Do you avoid cardio at all costs? Many men who are trying to pack on muscle do, thanks to the widely held belief that that it puts muscle tissue in a catabolic state, which means it will eat away at your hard-earned gains. But in fact you shouldn’t fear cardio, according to research conducted (opens in new tab) at the Mid Sweden University in Östersund.
The researchers wanted not only to test whether cardio would reduce muscle size but also whether, as they theorised, it could actually ‘elicit greater muscle hypertrophy than resistance exercise alone’. Put more simply, they thought adding cardio to weight training could increase muscle size, not reduce it. To find out they got a group of subjects to perform unilateral knee extensor exercises five weeks. They performed a 45-minute cycle with one leg, and coupled this with maximal concentric-eccentric knee extensions, done in four sets of seven reps at 75-80% of their one-rep max. The other leg was only subjected to the knee extensions.
After five weeks, the scientists then used magnetic resonance imaging (MRI) to assess the area and volume of the quadriceps femoris (the muscle on the front of the leg) and biopsies of the vastus lateralis (on the side of the leg) to determine the cross-sectional area of the muscle fibres themselves. In the leg that performed both cardio and strength training, quadriceps femoris volume increased by 14% while in the leg that did strength training alone it increased by just 8%. Muscle fibre size in the vastus lateralis increased by 17% in the leg that did cardio and strength training, compared with 9% in the strength-rained leg. The researchers concluded that cardio combined with strength training showed a ‘more robust increase in muscle size compared to strength training alone’.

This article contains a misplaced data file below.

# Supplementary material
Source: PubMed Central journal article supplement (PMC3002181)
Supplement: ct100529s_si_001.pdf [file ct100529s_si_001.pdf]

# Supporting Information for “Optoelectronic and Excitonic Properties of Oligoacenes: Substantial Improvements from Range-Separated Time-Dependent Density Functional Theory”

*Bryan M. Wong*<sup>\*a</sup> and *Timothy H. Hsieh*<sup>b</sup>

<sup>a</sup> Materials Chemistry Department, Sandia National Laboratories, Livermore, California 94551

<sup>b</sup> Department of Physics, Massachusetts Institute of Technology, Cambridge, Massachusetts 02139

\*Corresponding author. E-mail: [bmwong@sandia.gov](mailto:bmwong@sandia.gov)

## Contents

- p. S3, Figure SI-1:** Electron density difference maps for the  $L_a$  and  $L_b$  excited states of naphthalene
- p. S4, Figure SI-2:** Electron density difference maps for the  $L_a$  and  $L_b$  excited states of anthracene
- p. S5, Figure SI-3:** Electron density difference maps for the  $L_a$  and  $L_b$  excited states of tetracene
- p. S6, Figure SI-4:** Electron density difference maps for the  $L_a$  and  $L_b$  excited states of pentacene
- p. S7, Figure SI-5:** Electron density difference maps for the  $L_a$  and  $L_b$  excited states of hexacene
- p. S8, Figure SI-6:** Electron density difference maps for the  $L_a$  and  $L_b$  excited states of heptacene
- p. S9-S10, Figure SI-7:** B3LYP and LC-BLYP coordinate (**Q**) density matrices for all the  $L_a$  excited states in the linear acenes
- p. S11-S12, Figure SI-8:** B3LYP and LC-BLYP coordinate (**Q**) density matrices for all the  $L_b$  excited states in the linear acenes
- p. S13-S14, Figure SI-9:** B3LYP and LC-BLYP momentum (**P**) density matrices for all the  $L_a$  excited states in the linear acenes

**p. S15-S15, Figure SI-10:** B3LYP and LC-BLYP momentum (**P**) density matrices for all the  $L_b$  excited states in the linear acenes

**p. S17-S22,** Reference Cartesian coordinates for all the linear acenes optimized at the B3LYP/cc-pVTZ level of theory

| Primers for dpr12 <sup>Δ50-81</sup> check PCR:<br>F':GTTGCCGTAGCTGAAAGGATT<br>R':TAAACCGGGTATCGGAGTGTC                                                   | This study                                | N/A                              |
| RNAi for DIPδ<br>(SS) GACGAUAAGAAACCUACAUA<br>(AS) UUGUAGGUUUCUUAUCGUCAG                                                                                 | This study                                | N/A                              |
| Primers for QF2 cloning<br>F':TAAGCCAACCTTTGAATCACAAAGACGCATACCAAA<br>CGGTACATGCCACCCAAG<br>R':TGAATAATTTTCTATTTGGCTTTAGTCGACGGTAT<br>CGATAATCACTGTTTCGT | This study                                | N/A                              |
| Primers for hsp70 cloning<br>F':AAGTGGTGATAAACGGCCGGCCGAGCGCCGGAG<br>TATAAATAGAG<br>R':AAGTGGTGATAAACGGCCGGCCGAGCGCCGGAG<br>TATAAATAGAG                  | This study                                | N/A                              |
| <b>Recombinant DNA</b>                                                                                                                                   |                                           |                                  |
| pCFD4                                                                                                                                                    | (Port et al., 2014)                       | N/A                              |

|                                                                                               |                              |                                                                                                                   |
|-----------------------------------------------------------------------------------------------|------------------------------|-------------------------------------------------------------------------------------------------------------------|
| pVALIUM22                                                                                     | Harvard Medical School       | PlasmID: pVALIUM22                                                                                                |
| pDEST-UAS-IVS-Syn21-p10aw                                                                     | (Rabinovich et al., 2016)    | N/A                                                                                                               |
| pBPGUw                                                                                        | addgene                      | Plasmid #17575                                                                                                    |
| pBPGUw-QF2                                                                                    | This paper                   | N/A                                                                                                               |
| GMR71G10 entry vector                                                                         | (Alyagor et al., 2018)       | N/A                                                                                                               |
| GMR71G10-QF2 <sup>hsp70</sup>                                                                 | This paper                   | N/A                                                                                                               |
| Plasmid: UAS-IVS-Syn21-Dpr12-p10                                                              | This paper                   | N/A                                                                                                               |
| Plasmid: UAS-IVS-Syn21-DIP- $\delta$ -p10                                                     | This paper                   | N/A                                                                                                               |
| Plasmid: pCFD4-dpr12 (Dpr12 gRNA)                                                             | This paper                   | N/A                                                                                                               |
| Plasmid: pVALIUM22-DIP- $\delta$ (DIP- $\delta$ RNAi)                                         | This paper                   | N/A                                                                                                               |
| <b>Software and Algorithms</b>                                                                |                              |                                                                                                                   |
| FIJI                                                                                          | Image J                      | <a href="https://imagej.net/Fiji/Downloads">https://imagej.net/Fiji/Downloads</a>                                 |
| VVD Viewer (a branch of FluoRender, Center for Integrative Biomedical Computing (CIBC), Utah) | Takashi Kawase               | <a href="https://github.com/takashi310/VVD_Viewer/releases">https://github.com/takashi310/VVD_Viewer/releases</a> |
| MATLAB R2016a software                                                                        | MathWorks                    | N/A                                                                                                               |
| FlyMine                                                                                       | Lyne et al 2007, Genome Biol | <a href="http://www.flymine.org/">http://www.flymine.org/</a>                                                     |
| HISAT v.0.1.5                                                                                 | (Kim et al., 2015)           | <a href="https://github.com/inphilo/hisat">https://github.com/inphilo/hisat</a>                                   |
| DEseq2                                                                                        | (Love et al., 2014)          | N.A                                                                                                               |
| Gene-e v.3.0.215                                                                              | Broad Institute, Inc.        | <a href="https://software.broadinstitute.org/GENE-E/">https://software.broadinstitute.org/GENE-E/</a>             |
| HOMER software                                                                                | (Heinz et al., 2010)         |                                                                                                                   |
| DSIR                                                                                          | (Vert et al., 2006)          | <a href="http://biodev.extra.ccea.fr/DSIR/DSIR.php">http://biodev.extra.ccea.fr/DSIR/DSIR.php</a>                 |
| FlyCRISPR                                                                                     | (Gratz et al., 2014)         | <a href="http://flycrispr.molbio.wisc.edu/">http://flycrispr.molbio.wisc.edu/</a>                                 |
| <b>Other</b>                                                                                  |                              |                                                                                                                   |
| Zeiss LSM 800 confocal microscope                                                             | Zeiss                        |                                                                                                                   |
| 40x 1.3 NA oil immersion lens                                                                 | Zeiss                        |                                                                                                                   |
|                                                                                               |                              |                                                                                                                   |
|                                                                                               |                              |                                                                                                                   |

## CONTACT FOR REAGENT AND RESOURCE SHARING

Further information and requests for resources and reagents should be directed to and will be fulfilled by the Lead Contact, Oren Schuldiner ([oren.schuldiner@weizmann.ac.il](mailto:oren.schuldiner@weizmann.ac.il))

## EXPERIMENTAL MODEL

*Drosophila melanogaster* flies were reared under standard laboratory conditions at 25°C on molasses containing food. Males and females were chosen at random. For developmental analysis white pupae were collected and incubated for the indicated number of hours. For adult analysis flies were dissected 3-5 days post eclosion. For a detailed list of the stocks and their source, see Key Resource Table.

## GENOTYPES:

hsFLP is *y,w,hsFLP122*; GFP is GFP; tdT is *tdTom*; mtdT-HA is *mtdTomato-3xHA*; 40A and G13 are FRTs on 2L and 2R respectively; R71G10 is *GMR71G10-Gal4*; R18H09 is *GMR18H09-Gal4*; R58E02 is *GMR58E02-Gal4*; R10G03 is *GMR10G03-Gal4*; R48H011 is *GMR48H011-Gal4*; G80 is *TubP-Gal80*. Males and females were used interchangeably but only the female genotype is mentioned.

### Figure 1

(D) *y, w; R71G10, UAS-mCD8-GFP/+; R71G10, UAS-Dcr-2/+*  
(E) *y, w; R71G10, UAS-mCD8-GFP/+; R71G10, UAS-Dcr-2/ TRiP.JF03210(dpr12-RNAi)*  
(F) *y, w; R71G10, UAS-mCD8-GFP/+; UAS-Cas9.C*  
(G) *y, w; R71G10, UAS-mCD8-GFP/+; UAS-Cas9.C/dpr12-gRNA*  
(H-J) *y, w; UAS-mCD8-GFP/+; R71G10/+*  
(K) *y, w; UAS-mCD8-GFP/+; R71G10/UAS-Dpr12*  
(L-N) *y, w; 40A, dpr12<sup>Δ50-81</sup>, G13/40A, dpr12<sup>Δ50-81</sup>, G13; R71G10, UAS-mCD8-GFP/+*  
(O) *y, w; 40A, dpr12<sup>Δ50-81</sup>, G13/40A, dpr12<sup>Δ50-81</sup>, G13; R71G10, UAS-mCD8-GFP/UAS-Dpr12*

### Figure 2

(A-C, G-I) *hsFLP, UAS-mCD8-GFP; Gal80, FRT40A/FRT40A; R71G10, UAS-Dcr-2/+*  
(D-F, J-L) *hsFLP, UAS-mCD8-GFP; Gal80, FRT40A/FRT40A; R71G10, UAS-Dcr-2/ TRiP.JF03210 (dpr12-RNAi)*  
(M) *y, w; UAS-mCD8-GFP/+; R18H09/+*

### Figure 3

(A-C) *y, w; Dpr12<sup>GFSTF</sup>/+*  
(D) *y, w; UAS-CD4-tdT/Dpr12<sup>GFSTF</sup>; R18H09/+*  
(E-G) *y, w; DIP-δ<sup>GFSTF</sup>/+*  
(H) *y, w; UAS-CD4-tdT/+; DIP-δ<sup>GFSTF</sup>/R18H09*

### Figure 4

Why was this? There are a few possible explanations. First, cardio is a fast and efficient way of increasing the number of capillaries (small blood vessels) that network through the muscles. Increase their number and you increase the body’s ability to transport oxygen, nutrients and hormones to working or recovering muscles. Cardio has also been found to improve insulin sensitivity, which means it makes your body more effective at processing carbohydrates so greater levels of carbs and amino acids are taken into the muscles, leading to greater growth. Finally, improving the efficiency of the cardiovascular system also means you recover faster between sets and therefore have an increased overall workout capacity, which can load the muscles above their habitual level and stimulate more muscle growth.
So add some cardio to your strength training and don’t worry about it having a detrimental effect on your muscle – in fact, your gains could actually be accelerated.
Ross Edgley is a sports scientist at The Protein Works. Click here (opens in new tab) for more information.
Ross Edgley wrote for Men’s Fitness UK (which predated and then shared a website with Coach) when he was a sports scientist, working for brands such as Myprotein. Edgley went on to perform a series of physical feats, including swimming all the way around Great Britain in 157 days. He has written the books Blueprint: Build a Bulletproof Body for Extreme Adventure in 365 Days (opens in new tab), The World's Fittest Book (opens in new tab) and The Art of Resilience (opens in new tab), as well as contributing to publications such as GQ (opens in new tab).
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